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Since fall of the Shah of Iran in 1979, Iran and Saudi Arabia have confronted each other across the waters of the Persian Gulf. The presence of the U.S. naval forces in the region still deter overt Iranian military action in the Gulf. Iran’s Shia regime, however, is expansionist. The ayatollahs seek to control or influence Shia Muslim communities globally, but particularly in the Middle East. . .
The Saudis conduct air strikes on Houthi targets [in Yemen], which is why the Houthis portray the SRBM attacks as retaliatory. The Saudis, however, are certain that the November 4 missile was fired by members of Iran’s Revolutionary Guard Corps and Lebanese Hezbollah, the Lebanese Shia militia that Iran trains and finances. Hezbollah also provides proxy fighters for Iran elsewhere in the region (Syria).
“The message is that everything that used to be Saudi Arabia is no longer the case,” said a senior minister, who like all other officials refused to put his name to his views. “This is a revolution,” he explained. “Everything is so sensitive. We must be patient until it all settles down.”
Underpinning the cultural reforms is Prince Mohammed’s pledge last month to “return Saudi Arabia to moderate Islam”, in effect a commitment to break the founding alliance between clerics who adhere to the rigid teachings of 17th century preacher Muhammad ibn Abd-al-Wahhab and the kingdom’s modern rulers.
The crown prince said a hardline interpretation of Islam had taken root in Saudi Arabia after the Islamic Revolution in Iran in 1979. “We didn’t know how to deal with it,” Prince Mohammed told the Guardian. “And the problem spread all over the world. Now is the time to get rid of it.”
No Saudi leader has previously come close to confronting the accommodation between clerics and rulers.
In other news in the kingdom, a missile fired from Yemen was intercepted over Riyadh, the possibility of listing Aramco stocks on the NY Stock Exchange was discussed (though that’s complicated), Lebanon’s Prime Minister Hariri displayed some virtuoso ironic sensibility by resigning in Riyadh because he felt Lebanon was being controlled by an(other)other country (Iran), and King Salman established a complex (named after himself) in Medina to sort out the Hadiths. (Or more properly, Ahadith.)
According to the Saudi Minister of Culture and Information Awwad Bin Saleh al-Awwad, a council of senior scholars will be established for the complex and will consist of prominent Hadith scholars in the world. They will, the UAE’s National tells us:
…look to “eliminate fake and extremist texts and any texts that contradict the teachings of Islam and justify the committing of crimes, murders and terrorist acts”.
Hadith are regarded by hadithists as important tools for understanding the Quran and commentaries (tafsir) written on it. Some important elements, which are today taken to be a long-held part of normative traditional Islamic practice and belief, for example, the detailed ritual practice of the five salat (obligatory Islamic prayers), are in fact not mentioned in the Qur’an at all, but are derived solely from the hadith.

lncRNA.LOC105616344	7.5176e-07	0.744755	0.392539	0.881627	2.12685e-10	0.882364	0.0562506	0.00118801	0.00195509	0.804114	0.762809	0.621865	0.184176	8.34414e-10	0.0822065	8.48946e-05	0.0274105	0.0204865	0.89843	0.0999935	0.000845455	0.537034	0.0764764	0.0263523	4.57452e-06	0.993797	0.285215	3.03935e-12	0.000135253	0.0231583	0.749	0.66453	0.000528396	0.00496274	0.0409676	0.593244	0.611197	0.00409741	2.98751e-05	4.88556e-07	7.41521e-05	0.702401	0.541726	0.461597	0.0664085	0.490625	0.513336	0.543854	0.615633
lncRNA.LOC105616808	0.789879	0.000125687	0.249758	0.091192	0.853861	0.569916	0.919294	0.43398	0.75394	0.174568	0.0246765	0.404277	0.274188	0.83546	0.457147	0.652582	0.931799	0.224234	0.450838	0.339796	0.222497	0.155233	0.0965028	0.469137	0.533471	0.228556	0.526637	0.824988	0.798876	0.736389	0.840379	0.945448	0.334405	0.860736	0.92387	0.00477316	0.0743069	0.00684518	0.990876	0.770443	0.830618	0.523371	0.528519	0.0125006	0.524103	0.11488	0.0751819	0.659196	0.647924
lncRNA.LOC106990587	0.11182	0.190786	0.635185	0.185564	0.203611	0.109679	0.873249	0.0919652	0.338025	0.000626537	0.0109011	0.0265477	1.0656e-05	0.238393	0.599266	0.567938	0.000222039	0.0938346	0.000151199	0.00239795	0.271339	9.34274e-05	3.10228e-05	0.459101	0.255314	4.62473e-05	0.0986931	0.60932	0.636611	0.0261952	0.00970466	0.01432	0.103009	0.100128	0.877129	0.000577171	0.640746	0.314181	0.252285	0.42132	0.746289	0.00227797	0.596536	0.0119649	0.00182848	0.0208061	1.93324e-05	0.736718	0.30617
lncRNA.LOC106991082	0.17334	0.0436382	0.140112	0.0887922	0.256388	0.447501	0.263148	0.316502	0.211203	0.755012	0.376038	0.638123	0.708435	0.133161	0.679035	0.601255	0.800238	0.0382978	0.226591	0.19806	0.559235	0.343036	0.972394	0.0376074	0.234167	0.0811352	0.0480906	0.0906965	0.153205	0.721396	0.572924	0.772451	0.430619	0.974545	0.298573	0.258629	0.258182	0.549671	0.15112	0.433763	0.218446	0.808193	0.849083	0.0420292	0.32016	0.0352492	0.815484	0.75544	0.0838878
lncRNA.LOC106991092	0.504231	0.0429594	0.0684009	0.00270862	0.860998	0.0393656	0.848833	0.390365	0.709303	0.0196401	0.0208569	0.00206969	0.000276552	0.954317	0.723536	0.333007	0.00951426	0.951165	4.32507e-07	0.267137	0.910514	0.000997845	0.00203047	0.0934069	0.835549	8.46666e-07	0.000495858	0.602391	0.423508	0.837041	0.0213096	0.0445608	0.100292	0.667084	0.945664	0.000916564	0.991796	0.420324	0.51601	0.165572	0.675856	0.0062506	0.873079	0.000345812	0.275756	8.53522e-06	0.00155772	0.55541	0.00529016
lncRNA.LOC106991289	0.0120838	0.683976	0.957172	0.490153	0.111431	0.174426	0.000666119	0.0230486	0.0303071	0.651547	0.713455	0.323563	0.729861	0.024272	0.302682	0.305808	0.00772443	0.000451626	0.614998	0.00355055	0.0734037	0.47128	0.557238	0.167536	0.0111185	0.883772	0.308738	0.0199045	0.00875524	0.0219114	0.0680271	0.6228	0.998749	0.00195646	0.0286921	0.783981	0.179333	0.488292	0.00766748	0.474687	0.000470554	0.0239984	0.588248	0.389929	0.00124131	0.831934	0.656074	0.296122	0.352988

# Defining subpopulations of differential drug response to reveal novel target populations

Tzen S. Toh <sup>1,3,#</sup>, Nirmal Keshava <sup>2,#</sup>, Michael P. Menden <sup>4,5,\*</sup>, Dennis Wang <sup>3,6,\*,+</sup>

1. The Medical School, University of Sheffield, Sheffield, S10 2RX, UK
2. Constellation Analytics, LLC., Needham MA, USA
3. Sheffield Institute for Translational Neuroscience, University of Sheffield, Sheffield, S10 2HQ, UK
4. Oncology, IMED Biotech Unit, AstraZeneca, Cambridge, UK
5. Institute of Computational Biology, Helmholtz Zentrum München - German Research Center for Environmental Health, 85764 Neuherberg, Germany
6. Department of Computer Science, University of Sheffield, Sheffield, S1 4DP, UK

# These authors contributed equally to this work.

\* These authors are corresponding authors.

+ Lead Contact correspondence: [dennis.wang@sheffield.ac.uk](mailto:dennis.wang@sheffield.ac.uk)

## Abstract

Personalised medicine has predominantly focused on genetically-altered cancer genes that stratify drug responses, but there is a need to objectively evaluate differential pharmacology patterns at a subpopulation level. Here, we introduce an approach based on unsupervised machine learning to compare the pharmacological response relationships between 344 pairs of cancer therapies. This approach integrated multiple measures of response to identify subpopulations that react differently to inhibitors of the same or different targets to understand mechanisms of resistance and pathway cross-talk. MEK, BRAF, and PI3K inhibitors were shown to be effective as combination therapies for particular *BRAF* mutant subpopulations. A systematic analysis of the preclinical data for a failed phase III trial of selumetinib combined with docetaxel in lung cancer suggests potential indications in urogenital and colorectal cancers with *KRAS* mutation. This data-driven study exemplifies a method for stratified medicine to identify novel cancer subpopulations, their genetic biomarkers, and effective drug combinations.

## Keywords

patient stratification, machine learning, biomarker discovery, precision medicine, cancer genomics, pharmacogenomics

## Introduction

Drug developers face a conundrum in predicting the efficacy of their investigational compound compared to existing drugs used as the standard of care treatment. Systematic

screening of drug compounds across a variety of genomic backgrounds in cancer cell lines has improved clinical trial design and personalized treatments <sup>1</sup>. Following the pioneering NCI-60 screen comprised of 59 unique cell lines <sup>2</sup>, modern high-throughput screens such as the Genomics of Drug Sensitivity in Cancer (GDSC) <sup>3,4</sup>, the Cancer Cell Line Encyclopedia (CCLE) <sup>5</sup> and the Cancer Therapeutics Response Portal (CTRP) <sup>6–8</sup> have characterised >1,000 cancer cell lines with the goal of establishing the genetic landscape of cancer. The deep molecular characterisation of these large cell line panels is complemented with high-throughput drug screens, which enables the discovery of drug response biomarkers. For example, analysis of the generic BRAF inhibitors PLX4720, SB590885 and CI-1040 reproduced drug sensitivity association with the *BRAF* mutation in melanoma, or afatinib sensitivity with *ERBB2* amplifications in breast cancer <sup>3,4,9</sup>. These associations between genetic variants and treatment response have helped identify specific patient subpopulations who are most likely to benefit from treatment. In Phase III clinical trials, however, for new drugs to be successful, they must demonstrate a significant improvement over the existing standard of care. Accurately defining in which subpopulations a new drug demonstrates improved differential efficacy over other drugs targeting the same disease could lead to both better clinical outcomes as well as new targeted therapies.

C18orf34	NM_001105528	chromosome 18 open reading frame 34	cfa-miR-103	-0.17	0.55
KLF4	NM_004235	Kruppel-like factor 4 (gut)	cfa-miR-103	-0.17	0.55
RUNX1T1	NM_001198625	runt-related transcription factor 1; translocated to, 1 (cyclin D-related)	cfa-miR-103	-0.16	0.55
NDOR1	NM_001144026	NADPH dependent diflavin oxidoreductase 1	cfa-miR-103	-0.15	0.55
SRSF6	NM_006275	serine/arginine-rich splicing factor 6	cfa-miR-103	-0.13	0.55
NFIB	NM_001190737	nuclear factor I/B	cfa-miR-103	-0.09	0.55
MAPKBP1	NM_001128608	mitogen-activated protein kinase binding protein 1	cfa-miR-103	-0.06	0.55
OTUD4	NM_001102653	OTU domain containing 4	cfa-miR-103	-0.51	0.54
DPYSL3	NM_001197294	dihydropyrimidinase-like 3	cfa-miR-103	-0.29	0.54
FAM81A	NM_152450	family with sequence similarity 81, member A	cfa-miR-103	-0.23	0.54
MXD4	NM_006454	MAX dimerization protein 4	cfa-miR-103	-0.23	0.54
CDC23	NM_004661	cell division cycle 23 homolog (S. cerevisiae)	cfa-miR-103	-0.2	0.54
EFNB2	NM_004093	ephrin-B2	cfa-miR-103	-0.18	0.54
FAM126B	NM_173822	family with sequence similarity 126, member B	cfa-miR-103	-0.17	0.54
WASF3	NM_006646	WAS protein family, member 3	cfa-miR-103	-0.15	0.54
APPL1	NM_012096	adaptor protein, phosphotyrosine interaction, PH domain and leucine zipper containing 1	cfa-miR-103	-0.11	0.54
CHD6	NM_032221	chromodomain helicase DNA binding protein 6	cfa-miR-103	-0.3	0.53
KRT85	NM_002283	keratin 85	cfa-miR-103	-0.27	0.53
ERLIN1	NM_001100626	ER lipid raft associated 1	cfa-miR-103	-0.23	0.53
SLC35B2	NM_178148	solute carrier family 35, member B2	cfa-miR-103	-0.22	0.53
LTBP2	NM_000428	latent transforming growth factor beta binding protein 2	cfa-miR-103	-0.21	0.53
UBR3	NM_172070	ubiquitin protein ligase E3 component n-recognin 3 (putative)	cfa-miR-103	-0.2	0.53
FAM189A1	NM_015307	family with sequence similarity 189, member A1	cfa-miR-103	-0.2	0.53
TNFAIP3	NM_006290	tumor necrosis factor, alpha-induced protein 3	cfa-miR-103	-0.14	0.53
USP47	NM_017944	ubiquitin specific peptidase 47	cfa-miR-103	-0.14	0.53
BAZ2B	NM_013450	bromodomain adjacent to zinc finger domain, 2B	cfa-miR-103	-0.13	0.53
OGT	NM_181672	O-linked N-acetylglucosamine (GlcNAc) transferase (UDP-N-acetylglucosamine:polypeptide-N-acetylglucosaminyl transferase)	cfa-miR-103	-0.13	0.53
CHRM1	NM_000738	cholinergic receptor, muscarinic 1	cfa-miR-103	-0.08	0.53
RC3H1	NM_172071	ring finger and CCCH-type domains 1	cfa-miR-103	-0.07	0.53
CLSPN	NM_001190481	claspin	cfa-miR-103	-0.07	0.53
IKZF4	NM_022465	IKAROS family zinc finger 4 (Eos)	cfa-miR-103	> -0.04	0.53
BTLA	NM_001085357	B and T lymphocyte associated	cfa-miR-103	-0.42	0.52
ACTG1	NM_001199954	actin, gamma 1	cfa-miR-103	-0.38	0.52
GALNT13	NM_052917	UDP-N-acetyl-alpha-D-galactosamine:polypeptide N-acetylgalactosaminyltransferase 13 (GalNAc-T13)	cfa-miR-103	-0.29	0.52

www.atimes.com... They might be better or safer converting to Judaism
Before the purge, the House of Saud’s incessant spin centered on a $500 billion zone straddling Saudi Arabia, Jordan and Egypt, on the Red Sea coast, a sort of Dubai replica to be theoretically completed by 2025, powered by wind and solar energy, and financed by its sovereign wealth fund and proceeds from the Aramco IPO. In parallel, MBS pulled another rabbit from his hat swearing the future of Saudi Arabia is a matter of “simply reverting to what we followed – a moderate Islam open to the world and all religions.” In a nutshell: a state that happens to be the private property of a royal family inimical to all principles of freedom of expression and religion, as well as the ideological matrix of all forms of Salafi-jihadism simply cannot metastasize into a “moderate” state just because MBS says so. Meanwhile, a pile-up of purges, coups and countercoups shall be the norm.
originally posted by: enlightenedservant
a reply to: scraedtosleep
(Facepalm) Wahhabism itself is the reform movement. It's only existed since the 1700s and it was limited to remote parts of Saudi Arabia until the 1900s. The extremely conservative Shiite Islamic Revolution in Iran in 1979 is also a reform movement. However, both of those reform movements have strict interpretations and believe that the other interpretations of Islam are too weak, tolerant, lenient, etc.
The whole reason extremist Wahhabi groups & their backers in Saudi Arabia and Qatar have been taking down secular Muslim govts is because they're trying to force their reforms onto other Muslims. Boko Haram is another Wahhabi-based "reform group" who's entire purpose is to force the rejection of Western styled academics, cultural norms, beliefs, etc. And remember when Wahhabi-based ISIS was blowing up historical shrines and threatening to blow up historical monuments like the pyramids? Those monuments and shrines had been under the care of normal Muslims this whole time, but it was only the reformers who wanted to destroy them.
So be careful what you wish for. Those reform movements have managed to trick most of you into believing that they represent the true Islam, even though they're the newcomers who need to leave. Surely you've seen the pictures of Iranian life before the 1979 revolution? Surely you've seen Afghan life before the Wahhabi-based Taliban came to power? Surely you've seen the difference between Syrian life in its normal areas and life in the areas that were controlled by the Wahhabi & Salafi groups like ISIS, al Nusra, etc? It's no coincidence that those reform groups have been trying to take down the modern & secular Muslim govts, but they've convinced many of you to overlook that.